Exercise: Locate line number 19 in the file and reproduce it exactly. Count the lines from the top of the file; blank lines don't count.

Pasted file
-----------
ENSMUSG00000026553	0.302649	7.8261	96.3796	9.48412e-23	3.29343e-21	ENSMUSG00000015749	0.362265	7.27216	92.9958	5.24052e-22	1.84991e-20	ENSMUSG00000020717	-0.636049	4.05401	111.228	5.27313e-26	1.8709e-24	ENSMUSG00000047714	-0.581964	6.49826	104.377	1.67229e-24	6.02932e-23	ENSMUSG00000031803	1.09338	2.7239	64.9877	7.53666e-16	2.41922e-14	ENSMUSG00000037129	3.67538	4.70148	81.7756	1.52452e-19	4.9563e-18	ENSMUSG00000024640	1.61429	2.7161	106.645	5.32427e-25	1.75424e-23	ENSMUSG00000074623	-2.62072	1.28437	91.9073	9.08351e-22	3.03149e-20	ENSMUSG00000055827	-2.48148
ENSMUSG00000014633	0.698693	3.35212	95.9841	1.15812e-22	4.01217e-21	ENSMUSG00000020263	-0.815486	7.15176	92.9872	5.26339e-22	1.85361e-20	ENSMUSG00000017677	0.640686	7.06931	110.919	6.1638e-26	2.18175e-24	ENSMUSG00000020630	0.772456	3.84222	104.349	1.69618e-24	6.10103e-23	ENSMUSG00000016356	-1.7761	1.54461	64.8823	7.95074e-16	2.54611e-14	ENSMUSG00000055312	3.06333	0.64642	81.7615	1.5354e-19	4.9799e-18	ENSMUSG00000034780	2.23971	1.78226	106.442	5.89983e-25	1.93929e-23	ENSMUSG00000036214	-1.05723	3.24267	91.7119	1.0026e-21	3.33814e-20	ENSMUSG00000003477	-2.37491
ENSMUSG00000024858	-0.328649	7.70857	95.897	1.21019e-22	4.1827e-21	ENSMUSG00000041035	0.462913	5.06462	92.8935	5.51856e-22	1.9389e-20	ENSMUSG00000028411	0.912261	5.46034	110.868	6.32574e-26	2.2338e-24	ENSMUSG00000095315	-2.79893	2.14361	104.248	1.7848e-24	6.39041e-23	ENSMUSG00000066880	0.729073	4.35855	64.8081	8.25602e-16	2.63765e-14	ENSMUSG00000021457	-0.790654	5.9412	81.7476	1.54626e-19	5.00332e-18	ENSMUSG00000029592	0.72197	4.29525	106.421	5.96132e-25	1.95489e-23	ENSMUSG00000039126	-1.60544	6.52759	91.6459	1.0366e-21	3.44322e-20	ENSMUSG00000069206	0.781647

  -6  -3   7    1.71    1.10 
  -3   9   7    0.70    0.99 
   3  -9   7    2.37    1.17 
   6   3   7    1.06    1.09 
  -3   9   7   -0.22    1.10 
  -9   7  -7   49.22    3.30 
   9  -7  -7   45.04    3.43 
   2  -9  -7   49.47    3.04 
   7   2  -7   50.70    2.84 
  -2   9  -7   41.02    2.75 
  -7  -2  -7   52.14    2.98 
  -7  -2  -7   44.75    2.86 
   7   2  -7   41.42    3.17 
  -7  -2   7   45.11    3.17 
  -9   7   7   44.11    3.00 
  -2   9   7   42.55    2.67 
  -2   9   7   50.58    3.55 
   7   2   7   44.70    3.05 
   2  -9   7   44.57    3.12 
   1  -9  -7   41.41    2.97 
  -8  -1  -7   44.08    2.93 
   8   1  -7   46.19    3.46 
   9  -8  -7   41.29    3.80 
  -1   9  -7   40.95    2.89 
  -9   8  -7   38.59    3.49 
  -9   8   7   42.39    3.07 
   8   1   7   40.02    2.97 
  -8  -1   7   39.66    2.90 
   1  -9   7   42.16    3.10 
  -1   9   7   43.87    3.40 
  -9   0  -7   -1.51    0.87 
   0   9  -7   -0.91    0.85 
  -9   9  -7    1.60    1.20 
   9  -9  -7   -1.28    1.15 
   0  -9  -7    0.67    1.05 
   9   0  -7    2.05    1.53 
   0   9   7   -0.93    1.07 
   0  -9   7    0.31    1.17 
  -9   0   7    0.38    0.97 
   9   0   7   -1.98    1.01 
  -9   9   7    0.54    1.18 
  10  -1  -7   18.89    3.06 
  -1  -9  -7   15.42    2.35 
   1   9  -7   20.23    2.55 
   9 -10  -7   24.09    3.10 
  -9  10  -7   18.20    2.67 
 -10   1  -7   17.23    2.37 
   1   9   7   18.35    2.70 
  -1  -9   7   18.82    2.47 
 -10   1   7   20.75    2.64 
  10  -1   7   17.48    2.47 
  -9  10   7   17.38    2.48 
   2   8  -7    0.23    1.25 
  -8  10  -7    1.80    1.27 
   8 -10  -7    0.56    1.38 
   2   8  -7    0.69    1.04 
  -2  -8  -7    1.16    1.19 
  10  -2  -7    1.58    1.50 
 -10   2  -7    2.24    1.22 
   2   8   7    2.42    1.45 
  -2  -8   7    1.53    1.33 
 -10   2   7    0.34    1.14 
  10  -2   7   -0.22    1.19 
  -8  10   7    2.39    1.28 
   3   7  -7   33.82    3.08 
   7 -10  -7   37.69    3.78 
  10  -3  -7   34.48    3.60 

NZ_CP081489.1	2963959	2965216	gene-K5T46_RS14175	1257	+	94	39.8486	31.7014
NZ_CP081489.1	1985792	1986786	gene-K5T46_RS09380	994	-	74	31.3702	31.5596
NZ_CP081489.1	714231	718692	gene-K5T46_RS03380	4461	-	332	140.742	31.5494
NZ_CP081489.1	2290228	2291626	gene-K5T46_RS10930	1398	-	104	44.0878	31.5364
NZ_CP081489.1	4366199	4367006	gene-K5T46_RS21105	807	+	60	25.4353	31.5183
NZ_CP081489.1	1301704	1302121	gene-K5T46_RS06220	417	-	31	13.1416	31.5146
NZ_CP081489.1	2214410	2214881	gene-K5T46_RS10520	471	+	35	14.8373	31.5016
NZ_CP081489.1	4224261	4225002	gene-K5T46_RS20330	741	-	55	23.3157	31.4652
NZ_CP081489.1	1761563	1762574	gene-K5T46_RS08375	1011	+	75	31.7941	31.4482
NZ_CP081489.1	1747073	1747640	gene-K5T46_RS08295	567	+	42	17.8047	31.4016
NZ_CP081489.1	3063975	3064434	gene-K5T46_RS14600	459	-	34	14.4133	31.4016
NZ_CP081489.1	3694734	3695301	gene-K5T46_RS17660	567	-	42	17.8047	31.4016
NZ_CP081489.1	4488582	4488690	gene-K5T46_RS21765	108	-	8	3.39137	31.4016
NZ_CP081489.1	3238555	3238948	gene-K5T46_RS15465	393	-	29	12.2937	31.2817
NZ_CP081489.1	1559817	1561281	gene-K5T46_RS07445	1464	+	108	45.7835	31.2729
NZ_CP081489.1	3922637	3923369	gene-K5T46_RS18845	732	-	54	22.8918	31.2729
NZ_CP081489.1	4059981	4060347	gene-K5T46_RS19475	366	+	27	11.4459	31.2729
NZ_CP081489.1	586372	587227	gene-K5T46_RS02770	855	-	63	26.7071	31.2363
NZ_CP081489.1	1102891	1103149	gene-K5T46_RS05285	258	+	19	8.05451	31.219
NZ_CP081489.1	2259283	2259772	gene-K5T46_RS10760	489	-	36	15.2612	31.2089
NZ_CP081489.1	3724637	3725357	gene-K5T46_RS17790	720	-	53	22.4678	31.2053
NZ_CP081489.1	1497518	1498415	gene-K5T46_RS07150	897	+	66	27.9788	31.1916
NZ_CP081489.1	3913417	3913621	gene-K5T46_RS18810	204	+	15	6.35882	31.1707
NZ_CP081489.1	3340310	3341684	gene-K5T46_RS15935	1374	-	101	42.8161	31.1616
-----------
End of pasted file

  -2   9   7   42.55    2.67 